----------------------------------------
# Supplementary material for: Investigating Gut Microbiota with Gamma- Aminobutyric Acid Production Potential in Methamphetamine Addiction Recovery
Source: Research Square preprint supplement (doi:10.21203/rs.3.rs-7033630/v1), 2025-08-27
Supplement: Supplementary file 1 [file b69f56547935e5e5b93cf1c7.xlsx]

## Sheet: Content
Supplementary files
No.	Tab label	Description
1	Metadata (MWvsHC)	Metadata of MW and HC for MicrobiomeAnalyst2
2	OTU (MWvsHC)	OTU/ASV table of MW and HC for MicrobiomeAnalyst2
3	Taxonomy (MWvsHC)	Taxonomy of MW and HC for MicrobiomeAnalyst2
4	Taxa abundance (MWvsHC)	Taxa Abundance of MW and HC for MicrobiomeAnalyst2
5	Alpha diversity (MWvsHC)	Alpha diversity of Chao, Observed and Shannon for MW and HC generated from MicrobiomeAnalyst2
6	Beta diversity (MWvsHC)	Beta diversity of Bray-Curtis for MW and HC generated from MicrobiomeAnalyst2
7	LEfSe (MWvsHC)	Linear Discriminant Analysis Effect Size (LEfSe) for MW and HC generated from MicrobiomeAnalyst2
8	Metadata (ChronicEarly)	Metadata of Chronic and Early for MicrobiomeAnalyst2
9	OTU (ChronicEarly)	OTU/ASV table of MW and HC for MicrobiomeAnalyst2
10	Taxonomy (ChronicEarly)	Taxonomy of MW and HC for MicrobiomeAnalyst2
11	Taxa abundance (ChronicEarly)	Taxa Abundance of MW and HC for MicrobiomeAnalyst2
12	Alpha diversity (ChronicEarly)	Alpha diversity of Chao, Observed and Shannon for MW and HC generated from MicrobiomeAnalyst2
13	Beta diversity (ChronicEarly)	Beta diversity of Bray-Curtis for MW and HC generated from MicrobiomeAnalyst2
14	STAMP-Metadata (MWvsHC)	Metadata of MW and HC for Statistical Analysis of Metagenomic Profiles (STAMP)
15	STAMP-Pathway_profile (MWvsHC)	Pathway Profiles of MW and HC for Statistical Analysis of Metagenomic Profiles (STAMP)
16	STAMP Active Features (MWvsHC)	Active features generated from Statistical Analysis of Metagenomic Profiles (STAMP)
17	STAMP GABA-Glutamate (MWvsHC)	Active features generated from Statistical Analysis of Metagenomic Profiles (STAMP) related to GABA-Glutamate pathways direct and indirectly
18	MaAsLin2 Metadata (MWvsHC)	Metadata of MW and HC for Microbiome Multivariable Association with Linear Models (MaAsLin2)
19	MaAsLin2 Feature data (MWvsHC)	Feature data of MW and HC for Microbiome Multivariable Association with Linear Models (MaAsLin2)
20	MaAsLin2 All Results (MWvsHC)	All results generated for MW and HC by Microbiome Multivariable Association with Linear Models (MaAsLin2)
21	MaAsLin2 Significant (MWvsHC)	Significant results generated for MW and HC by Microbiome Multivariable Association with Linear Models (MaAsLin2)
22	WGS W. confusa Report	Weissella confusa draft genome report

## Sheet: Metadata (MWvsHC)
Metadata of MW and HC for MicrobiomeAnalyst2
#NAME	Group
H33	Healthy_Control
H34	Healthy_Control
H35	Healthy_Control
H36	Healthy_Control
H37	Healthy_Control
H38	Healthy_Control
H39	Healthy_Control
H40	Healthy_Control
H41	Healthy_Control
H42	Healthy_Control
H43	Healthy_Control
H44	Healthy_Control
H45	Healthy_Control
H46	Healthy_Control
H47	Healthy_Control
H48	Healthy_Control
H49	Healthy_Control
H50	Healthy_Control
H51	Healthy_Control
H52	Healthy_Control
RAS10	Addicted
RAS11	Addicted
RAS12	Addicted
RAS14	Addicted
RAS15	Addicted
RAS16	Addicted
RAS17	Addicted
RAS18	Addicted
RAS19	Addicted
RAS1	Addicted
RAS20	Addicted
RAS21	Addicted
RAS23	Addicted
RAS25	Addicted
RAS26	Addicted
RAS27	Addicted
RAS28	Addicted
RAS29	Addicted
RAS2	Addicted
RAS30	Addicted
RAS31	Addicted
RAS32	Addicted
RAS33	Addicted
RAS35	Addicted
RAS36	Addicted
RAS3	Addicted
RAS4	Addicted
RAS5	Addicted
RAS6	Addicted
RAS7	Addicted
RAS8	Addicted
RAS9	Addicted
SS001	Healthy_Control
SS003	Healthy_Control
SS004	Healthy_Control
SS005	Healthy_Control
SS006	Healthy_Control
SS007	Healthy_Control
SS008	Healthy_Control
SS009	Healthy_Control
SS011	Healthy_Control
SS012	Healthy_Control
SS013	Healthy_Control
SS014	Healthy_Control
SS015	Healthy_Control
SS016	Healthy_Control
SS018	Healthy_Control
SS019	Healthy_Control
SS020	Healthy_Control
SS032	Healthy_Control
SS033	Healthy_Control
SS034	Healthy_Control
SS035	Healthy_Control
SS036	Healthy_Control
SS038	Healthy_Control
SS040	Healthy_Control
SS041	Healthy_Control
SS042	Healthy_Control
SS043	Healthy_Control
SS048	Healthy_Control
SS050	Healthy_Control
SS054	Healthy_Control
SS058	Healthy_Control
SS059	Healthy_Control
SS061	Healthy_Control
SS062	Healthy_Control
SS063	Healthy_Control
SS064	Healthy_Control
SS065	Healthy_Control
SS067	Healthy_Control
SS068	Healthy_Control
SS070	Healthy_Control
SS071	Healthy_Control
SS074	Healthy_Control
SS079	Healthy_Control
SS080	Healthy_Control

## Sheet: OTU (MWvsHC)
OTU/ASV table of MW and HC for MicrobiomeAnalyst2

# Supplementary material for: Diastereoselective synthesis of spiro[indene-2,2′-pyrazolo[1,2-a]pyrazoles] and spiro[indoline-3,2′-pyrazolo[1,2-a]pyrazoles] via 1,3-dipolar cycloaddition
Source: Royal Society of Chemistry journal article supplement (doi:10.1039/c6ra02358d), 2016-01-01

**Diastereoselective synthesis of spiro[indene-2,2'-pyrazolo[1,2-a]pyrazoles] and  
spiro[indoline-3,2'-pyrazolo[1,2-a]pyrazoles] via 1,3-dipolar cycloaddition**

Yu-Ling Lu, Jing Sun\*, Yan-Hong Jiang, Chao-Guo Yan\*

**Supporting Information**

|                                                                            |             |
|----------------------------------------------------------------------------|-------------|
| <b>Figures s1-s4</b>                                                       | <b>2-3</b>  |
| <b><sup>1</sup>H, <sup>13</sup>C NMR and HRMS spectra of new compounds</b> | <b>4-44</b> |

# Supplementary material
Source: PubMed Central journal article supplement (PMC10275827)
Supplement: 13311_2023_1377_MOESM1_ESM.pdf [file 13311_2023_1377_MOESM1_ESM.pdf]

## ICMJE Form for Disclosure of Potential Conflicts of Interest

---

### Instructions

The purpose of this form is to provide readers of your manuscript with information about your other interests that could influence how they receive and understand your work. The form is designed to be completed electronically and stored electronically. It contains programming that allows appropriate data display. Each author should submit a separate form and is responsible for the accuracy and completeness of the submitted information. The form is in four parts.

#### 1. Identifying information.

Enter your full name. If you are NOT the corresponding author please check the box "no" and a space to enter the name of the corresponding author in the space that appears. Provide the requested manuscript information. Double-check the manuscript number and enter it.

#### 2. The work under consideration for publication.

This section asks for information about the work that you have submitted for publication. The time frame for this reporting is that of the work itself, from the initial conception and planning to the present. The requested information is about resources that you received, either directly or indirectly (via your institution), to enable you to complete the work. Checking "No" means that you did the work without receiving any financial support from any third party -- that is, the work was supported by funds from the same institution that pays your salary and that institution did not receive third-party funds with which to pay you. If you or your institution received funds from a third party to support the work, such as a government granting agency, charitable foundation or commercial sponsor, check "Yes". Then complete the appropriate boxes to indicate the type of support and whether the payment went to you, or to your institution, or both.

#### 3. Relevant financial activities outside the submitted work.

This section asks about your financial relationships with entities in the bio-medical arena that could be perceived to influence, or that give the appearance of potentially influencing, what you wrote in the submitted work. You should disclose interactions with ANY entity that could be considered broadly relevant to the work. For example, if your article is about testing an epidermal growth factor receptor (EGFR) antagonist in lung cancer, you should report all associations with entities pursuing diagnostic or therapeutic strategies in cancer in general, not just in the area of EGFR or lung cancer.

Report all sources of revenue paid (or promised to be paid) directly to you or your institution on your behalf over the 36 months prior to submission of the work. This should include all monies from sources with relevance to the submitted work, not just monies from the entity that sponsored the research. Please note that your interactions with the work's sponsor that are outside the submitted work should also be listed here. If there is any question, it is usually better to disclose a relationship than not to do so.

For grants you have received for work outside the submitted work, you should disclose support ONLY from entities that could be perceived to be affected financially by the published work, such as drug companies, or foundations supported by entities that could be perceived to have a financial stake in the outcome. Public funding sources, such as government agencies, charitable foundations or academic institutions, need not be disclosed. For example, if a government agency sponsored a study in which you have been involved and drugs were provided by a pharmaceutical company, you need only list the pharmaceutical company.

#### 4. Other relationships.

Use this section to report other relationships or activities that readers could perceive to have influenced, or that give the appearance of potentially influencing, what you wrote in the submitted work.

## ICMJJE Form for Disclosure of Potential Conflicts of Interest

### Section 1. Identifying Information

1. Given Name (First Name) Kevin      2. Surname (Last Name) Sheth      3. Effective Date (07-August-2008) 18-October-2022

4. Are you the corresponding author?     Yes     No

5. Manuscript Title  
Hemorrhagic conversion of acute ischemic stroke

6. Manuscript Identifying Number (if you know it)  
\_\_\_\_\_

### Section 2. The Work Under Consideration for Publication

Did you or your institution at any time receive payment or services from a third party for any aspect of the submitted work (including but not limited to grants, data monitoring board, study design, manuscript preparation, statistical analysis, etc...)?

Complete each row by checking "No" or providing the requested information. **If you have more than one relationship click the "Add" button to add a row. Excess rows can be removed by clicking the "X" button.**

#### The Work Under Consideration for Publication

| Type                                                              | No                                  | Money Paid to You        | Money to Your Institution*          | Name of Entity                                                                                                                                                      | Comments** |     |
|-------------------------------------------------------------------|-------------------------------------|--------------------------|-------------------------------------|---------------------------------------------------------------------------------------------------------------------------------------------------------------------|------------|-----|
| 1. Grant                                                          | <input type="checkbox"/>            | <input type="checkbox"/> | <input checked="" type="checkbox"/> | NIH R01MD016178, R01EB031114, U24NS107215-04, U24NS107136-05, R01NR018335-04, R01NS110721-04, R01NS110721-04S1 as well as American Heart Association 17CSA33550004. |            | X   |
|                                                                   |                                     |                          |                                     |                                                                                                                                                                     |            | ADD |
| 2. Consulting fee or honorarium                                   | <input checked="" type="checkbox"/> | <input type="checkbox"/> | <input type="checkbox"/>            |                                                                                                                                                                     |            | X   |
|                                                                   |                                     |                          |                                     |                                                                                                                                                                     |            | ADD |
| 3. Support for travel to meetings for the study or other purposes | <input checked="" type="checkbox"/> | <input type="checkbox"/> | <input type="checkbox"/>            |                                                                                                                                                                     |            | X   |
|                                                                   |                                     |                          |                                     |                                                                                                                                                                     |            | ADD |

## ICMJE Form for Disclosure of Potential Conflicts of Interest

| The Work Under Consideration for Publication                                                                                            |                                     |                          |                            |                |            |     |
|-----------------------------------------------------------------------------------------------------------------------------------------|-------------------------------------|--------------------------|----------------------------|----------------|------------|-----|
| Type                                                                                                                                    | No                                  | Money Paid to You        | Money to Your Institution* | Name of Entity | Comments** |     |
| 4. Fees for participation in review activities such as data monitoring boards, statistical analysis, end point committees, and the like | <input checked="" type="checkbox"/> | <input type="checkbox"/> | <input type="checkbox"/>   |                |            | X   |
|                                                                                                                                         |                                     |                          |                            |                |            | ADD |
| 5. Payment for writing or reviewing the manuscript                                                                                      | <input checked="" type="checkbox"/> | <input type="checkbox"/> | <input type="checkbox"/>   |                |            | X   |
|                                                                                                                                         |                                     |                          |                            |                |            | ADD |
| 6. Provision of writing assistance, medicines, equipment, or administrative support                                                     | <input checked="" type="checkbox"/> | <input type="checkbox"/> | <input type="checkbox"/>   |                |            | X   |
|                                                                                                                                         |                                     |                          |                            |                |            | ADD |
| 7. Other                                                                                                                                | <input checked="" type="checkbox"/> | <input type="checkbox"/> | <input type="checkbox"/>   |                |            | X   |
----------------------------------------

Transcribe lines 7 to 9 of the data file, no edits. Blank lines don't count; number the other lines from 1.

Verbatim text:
1	Metadata (MWvsHC)	Metadata of MW and HC for MicrobiomeAnalyst2
2	OTU (MWvsHC)	OTU/ASV table of MW and HC for MicrobiomeAnalyst2
3	Taxonomy (MWvsHC)	Taxonomy of MW and HC for MicrobiomeAnalyst2